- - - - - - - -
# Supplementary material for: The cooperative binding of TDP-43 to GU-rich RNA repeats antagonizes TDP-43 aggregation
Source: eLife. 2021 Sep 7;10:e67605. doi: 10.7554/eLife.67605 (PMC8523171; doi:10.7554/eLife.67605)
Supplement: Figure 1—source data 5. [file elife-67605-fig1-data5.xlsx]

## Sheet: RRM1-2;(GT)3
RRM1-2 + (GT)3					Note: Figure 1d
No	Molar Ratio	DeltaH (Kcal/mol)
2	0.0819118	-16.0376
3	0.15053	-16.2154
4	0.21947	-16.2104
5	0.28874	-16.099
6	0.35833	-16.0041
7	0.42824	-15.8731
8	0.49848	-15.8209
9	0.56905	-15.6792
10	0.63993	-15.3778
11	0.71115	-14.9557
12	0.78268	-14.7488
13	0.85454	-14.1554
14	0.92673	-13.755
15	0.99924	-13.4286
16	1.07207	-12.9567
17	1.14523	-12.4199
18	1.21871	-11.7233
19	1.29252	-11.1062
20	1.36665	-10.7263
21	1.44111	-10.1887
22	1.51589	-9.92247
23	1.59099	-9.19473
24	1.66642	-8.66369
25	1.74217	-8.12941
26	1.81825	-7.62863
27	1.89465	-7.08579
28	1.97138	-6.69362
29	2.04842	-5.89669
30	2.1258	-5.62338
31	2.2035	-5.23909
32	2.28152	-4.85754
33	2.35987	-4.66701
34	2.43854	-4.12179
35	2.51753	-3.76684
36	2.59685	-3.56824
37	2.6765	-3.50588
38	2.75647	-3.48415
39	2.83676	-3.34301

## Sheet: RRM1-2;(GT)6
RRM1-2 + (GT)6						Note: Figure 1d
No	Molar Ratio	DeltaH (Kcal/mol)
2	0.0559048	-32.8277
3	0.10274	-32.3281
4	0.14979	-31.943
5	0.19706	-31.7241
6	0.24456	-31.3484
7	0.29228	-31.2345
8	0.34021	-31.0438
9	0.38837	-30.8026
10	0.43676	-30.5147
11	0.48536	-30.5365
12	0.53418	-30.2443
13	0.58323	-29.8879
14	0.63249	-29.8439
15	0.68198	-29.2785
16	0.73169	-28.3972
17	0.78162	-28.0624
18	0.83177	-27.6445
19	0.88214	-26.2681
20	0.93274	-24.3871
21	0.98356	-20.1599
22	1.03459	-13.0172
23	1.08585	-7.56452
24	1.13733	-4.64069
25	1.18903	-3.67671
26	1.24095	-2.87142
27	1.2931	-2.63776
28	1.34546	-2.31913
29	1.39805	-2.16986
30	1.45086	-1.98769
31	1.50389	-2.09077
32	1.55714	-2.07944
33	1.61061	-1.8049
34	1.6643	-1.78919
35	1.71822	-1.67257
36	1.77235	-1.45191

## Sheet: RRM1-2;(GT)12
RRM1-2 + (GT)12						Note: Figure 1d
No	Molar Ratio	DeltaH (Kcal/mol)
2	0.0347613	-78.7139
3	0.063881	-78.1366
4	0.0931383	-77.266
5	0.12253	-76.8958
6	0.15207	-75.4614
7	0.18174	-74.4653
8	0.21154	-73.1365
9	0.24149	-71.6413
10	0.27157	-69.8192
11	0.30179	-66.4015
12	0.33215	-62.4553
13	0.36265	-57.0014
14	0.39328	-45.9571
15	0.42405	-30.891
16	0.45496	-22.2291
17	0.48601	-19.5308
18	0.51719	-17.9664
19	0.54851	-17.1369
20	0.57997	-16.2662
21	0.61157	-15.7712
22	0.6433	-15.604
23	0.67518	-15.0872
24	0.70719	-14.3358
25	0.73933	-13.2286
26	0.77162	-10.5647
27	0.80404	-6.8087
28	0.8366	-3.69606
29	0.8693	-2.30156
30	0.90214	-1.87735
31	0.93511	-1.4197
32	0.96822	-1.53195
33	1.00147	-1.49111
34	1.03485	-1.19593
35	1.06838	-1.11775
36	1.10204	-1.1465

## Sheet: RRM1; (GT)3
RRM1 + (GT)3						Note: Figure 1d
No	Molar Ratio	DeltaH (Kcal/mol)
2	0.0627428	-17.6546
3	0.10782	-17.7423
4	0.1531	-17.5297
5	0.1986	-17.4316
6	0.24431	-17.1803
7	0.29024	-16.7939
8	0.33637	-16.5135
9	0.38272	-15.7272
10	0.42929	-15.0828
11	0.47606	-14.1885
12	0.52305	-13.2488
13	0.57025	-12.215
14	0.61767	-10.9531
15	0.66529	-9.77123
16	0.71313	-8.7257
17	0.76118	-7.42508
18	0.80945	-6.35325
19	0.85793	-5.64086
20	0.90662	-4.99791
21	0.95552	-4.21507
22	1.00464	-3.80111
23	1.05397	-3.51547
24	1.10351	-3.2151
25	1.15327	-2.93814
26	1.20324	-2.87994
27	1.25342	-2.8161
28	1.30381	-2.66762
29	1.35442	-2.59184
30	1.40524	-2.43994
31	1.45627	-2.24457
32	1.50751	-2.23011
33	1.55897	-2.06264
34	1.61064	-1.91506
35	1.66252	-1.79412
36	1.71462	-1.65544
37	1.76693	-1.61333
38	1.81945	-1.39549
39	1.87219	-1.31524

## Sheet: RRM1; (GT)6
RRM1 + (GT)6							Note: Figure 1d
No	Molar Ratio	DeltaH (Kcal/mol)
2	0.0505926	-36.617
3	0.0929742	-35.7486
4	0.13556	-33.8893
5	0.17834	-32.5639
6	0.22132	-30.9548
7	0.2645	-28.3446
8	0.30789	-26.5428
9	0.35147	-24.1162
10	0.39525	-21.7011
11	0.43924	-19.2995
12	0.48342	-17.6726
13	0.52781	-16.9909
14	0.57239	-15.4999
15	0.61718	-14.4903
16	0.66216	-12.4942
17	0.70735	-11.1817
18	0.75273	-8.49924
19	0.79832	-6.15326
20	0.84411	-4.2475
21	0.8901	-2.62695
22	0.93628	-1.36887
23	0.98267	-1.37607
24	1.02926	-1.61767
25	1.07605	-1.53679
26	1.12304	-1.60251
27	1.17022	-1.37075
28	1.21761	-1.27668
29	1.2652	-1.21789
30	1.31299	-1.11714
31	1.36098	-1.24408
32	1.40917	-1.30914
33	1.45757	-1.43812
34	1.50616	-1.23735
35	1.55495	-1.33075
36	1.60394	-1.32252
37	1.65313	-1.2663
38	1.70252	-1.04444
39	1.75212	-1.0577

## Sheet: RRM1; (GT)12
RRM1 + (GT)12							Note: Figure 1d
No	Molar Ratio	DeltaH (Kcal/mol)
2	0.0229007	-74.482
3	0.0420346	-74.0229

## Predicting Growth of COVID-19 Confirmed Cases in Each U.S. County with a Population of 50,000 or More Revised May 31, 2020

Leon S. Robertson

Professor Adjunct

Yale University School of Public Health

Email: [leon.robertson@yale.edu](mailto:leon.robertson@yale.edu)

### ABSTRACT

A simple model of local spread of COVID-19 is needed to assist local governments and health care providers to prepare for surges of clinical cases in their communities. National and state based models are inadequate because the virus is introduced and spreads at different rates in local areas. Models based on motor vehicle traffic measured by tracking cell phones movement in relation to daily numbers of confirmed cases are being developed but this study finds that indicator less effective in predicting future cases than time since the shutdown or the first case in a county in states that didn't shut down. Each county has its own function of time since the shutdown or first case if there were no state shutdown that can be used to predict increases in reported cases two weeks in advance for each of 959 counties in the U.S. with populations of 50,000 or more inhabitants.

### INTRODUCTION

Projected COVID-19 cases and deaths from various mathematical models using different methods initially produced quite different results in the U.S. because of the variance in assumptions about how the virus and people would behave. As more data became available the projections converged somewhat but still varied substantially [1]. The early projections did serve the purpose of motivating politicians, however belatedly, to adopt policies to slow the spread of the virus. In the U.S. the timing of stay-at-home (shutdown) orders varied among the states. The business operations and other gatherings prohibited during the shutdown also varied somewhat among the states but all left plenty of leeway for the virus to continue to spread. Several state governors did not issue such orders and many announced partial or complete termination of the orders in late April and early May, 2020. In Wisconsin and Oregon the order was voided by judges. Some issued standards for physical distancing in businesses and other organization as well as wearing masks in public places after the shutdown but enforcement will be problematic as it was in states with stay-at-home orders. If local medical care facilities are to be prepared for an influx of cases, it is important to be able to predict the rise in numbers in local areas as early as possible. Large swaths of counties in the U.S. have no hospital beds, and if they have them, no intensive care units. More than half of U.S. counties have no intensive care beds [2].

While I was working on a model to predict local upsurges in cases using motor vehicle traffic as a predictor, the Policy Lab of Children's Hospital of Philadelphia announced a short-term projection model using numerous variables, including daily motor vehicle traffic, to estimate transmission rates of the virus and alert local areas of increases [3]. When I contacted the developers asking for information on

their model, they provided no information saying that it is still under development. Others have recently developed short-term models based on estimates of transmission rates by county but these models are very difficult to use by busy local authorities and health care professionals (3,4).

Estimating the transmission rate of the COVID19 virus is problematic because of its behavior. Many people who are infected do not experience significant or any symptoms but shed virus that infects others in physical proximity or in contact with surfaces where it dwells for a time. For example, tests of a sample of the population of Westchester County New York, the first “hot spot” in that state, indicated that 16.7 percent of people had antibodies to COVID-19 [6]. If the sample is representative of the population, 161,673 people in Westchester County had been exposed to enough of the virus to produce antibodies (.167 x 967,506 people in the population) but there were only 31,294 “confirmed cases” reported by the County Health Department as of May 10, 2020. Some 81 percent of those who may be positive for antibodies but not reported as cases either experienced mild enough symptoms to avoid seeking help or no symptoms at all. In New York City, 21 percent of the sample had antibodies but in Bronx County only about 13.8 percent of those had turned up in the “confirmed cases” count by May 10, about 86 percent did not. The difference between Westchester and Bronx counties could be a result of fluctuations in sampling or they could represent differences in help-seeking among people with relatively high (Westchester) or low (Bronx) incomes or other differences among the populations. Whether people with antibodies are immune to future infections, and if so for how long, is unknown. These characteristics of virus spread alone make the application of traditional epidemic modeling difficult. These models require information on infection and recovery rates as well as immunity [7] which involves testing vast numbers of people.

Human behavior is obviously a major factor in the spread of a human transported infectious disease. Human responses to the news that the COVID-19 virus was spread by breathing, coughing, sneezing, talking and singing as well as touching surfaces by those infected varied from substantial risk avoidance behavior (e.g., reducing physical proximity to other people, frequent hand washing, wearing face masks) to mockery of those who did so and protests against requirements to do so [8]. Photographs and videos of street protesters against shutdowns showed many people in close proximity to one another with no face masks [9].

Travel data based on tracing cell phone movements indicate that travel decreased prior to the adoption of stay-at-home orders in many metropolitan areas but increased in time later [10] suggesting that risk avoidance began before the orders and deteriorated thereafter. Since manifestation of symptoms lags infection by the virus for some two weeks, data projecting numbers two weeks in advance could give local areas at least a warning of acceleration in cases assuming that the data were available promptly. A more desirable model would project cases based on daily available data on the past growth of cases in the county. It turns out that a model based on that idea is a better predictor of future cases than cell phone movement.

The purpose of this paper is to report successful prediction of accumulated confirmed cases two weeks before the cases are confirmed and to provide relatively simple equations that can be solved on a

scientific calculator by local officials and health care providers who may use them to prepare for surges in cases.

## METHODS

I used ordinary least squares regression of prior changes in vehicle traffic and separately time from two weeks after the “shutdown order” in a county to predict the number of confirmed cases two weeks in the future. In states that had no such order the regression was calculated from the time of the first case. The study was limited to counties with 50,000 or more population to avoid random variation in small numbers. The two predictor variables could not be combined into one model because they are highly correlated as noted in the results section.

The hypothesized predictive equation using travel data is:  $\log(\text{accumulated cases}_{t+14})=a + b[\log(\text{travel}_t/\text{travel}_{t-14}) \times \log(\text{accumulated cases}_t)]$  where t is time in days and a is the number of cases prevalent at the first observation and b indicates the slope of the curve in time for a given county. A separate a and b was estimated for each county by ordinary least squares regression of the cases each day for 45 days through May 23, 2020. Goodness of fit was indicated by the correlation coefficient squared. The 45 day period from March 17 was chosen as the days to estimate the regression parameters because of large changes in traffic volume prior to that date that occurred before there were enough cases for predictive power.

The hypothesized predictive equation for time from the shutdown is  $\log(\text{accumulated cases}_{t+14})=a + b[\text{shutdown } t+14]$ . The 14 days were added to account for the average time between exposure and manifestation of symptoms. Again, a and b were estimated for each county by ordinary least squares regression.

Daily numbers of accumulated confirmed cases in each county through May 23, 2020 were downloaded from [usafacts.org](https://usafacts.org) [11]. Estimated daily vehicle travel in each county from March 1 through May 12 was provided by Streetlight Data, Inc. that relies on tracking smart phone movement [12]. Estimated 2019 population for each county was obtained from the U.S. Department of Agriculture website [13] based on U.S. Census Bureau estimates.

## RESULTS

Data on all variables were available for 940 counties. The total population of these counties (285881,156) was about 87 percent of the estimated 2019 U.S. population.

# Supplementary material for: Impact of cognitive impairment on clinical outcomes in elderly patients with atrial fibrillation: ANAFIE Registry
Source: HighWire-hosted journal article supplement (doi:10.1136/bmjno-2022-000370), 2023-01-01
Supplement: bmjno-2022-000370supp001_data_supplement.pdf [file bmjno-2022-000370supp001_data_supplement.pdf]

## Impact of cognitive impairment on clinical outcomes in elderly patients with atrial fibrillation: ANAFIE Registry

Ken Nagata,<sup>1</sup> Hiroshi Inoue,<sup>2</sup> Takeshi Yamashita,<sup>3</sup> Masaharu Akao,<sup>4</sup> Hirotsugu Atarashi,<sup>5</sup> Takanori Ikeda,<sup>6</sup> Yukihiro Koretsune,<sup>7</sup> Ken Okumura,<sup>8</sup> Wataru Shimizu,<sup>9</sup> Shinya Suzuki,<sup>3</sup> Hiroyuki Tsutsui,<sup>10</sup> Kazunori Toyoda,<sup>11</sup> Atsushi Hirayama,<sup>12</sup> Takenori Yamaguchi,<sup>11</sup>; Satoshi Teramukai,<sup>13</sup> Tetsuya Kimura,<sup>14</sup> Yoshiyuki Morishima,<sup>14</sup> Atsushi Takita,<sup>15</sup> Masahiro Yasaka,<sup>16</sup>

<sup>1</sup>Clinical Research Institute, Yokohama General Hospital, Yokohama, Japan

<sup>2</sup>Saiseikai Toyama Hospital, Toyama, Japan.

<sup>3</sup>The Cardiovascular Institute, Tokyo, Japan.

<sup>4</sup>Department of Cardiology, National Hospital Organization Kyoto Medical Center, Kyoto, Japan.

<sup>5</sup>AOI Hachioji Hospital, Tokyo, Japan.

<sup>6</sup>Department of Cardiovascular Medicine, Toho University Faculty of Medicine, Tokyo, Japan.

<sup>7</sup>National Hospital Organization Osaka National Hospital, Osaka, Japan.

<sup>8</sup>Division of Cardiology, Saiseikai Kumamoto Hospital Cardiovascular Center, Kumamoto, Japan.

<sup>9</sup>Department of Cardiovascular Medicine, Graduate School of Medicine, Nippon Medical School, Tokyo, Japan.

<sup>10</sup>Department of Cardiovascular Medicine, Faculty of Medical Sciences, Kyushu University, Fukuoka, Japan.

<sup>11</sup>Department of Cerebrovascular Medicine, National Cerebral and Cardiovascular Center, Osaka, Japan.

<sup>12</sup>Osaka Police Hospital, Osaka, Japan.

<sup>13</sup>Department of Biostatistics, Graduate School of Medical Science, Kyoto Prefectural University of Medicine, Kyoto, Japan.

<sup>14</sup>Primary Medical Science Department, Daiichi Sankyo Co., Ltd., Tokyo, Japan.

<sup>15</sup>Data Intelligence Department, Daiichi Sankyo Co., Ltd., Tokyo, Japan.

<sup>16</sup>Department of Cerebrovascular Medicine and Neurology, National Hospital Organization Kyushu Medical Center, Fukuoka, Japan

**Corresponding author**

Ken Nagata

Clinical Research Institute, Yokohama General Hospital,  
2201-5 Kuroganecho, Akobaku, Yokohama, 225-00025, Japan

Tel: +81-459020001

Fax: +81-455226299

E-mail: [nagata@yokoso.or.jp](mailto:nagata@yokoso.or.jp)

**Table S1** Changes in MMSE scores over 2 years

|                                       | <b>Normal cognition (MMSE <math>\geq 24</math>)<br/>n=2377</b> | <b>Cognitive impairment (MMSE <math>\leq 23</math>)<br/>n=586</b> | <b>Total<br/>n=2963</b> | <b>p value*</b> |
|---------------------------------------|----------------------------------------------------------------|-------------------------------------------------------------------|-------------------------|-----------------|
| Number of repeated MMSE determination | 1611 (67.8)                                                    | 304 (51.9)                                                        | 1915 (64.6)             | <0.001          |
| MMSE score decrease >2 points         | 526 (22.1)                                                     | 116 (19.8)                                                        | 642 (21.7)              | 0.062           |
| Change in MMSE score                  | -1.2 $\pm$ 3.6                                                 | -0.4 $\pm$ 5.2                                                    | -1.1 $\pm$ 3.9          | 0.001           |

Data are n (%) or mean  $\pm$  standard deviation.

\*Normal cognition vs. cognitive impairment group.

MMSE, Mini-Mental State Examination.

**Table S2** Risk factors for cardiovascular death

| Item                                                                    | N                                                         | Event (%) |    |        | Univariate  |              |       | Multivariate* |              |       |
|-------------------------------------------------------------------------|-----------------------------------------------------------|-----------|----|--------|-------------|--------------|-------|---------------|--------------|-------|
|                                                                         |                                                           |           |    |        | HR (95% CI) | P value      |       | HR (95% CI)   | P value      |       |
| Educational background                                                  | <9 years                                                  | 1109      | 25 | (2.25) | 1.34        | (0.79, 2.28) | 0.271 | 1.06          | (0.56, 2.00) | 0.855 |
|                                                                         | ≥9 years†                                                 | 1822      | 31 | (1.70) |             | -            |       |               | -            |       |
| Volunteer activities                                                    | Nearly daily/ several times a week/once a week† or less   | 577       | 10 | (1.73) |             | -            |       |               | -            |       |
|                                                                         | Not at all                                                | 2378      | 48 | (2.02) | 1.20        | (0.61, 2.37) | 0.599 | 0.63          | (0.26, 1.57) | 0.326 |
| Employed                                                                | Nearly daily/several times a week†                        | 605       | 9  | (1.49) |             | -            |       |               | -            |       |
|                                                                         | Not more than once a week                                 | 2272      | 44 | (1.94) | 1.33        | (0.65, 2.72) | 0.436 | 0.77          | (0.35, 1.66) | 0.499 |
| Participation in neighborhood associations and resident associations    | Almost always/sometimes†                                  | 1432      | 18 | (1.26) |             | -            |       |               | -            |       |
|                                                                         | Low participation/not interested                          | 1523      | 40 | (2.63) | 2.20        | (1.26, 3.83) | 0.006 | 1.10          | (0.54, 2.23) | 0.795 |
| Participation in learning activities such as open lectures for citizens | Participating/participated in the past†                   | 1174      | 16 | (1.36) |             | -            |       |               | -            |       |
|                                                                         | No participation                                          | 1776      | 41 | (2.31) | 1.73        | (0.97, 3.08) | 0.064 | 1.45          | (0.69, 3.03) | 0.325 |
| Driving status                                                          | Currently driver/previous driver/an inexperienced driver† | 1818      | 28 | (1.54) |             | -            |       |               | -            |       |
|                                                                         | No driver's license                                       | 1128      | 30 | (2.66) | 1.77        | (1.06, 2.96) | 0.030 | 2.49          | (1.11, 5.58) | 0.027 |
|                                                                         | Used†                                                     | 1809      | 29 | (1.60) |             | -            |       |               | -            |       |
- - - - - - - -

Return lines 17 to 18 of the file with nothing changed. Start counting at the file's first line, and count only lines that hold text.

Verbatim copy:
12	0.78268	-14.7488
13	0.85454	-14.1554